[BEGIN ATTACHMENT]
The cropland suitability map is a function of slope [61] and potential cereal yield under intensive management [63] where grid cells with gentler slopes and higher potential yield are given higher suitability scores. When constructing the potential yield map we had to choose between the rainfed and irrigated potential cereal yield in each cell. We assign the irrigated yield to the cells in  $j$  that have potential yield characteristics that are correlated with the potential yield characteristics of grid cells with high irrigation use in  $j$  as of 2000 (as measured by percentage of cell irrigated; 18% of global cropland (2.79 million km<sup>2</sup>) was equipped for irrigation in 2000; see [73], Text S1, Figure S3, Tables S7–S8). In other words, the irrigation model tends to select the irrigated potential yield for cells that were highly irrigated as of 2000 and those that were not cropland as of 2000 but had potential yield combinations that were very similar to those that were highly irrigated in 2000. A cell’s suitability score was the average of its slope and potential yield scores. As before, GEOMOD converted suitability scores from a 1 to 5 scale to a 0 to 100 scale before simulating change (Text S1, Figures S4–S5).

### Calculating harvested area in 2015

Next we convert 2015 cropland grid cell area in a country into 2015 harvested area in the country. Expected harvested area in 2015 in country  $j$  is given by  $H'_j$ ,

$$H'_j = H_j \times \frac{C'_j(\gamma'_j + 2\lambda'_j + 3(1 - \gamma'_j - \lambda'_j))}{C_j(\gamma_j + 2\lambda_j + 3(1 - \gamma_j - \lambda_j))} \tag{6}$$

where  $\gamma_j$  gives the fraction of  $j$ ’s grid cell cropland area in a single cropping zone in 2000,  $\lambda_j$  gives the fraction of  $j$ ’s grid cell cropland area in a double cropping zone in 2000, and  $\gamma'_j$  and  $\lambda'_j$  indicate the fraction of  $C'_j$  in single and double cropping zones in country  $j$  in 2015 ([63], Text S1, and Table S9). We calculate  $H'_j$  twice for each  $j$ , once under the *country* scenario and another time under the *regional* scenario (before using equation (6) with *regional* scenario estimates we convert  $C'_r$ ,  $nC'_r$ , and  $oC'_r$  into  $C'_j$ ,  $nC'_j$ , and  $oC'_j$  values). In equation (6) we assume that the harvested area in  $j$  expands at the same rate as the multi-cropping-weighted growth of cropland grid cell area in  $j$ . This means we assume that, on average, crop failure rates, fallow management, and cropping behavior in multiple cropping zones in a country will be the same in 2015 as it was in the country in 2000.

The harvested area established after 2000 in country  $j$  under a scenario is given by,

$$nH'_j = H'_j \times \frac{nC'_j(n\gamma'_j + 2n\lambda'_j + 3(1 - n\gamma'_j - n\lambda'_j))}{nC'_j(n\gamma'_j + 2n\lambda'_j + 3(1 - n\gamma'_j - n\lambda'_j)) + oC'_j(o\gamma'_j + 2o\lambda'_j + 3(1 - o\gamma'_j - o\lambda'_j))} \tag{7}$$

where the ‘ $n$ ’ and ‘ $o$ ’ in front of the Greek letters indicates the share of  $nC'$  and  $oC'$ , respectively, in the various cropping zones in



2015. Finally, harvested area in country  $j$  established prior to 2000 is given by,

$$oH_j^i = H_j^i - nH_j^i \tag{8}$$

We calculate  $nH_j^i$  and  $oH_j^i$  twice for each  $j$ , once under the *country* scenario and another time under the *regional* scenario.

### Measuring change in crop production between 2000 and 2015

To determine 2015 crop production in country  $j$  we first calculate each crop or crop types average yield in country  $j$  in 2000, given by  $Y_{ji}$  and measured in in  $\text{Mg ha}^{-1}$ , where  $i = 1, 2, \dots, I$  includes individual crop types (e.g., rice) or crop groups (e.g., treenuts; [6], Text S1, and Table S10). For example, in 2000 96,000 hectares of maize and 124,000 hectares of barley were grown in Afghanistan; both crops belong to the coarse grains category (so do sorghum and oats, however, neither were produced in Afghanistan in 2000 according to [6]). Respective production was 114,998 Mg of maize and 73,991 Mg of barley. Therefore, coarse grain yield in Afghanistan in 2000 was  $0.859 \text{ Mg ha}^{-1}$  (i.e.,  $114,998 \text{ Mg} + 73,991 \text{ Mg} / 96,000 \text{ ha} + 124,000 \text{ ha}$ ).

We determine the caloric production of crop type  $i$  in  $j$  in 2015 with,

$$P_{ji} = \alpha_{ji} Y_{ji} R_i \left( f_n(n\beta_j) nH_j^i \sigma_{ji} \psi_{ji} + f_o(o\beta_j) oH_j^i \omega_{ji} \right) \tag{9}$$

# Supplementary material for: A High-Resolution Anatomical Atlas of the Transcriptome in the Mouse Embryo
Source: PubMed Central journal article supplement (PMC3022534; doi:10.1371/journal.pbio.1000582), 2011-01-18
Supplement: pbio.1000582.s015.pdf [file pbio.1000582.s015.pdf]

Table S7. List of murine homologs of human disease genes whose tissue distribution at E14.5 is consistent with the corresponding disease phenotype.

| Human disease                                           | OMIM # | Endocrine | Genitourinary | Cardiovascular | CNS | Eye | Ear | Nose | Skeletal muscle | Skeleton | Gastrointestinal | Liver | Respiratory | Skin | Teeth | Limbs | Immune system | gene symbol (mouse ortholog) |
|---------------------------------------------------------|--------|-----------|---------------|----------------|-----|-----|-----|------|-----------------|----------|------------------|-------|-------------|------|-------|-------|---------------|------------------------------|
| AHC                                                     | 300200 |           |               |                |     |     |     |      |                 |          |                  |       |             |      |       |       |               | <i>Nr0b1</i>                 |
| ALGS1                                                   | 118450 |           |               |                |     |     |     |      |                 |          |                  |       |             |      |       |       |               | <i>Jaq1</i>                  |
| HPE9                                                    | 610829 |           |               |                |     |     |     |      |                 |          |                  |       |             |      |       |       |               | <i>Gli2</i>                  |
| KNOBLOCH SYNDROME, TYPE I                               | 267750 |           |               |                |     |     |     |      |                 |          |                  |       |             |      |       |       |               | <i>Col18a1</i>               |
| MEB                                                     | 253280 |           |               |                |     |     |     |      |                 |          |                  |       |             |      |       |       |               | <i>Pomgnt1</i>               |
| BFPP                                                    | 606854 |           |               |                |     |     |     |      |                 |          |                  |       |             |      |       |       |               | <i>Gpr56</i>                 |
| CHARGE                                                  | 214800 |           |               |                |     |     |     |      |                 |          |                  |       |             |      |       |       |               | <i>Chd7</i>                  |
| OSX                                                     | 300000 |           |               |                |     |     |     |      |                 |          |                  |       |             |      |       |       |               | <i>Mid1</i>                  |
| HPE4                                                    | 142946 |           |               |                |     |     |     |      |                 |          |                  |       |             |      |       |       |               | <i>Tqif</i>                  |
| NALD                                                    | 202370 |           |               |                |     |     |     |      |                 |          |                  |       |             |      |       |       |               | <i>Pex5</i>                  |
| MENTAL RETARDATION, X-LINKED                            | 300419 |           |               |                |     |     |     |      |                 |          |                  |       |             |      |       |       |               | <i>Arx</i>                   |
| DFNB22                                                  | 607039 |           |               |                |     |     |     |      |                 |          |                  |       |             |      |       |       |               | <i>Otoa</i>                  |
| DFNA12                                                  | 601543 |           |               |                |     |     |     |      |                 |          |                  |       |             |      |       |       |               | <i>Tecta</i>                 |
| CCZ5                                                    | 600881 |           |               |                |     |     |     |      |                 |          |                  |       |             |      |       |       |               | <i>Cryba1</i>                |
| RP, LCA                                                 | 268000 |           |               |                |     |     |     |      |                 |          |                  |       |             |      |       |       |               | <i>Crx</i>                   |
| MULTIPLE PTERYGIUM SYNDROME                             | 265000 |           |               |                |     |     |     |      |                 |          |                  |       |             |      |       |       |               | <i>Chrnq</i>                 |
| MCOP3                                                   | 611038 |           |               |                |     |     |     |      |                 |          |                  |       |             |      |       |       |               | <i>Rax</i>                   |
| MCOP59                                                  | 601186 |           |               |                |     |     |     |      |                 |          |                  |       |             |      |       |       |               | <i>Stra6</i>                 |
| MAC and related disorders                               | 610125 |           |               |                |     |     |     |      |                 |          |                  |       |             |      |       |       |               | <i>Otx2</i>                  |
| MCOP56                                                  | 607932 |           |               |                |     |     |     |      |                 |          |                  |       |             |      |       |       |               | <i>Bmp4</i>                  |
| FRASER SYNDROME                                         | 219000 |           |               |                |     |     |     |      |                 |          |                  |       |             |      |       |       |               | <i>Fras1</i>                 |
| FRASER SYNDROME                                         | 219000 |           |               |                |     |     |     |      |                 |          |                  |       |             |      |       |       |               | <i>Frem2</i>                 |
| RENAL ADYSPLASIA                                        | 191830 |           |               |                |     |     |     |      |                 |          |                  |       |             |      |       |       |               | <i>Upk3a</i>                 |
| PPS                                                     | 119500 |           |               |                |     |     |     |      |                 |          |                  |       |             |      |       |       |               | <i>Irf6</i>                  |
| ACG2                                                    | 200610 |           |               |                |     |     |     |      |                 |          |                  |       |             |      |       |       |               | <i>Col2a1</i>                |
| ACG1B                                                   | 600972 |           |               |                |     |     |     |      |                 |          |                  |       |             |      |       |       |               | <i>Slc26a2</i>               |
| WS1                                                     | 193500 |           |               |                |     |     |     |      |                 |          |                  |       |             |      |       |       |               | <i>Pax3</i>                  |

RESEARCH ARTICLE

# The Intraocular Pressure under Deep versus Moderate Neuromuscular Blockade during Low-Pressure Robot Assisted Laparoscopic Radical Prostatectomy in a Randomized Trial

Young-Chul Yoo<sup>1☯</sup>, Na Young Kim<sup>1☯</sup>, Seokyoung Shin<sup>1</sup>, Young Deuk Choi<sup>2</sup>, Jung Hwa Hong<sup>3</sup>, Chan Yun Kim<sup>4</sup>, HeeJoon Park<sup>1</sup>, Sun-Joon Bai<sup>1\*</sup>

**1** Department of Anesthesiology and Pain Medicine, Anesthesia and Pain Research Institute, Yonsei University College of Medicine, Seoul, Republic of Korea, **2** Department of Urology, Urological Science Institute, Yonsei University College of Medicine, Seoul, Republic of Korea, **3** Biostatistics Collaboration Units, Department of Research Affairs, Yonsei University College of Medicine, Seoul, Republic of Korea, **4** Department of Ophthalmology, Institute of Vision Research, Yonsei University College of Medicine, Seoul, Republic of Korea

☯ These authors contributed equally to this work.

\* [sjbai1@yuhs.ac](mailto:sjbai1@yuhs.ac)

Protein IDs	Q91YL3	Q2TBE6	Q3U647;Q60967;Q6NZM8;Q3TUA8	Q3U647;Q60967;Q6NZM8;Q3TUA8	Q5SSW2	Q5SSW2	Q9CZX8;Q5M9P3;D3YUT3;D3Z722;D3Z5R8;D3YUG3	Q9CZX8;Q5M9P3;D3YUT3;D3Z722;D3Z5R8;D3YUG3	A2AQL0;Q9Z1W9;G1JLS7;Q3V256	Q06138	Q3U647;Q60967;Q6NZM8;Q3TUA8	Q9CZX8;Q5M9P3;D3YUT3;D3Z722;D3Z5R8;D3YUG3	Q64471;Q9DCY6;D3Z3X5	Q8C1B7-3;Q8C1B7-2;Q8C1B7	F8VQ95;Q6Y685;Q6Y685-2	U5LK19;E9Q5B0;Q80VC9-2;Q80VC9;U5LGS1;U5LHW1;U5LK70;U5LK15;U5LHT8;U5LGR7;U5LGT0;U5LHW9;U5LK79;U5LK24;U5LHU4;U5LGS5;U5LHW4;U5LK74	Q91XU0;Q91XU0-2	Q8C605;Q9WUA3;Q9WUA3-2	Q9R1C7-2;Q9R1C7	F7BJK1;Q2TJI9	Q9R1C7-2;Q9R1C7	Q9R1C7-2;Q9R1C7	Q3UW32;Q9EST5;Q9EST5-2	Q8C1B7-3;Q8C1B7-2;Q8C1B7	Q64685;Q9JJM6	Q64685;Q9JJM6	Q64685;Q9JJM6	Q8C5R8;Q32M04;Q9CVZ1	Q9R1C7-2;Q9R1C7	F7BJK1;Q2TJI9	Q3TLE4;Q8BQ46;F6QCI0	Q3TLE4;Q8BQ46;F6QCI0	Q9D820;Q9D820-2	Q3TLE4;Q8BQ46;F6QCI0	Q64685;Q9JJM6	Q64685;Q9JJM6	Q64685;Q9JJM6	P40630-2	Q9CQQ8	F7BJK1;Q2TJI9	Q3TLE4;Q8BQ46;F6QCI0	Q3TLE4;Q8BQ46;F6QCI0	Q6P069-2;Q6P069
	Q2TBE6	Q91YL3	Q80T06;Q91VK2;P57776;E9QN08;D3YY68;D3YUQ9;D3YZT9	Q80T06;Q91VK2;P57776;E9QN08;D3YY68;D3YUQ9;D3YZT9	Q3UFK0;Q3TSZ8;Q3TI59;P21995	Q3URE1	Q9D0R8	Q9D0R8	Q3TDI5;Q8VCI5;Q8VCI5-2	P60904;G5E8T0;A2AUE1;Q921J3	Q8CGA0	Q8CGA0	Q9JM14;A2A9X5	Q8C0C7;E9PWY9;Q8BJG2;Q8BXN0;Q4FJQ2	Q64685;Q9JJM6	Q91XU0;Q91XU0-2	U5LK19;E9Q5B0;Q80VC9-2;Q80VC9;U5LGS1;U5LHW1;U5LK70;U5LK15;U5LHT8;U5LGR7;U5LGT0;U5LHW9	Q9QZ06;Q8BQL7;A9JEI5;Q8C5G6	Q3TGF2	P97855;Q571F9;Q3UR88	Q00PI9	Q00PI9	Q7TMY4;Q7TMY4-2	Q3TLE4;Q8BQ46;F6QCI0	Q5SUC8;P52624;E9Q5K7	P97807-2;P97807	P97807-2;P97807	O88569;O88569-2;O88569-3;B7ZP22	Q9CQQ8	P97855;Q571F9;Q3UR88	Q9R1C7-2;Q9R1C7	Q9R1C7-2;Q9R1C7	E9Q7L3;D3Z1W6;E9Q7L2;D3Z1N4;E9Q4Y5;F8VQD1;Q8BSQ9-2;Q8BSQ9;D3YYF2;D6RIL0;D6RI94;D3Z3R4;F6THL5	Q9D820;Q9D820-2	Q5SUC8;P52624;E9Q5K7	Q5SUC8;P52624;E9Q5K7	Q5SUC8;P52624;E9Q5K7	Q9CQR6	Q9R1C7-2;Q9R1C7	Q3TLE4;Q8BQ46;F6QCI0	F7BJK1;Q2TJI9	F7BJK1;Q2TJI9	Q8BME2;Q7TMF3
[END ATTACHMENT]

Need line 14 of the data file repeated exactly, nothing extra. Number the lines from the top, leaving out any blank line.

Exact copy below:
We determine the caloric production of crop type  $i$  in  $j$  in 2015 with,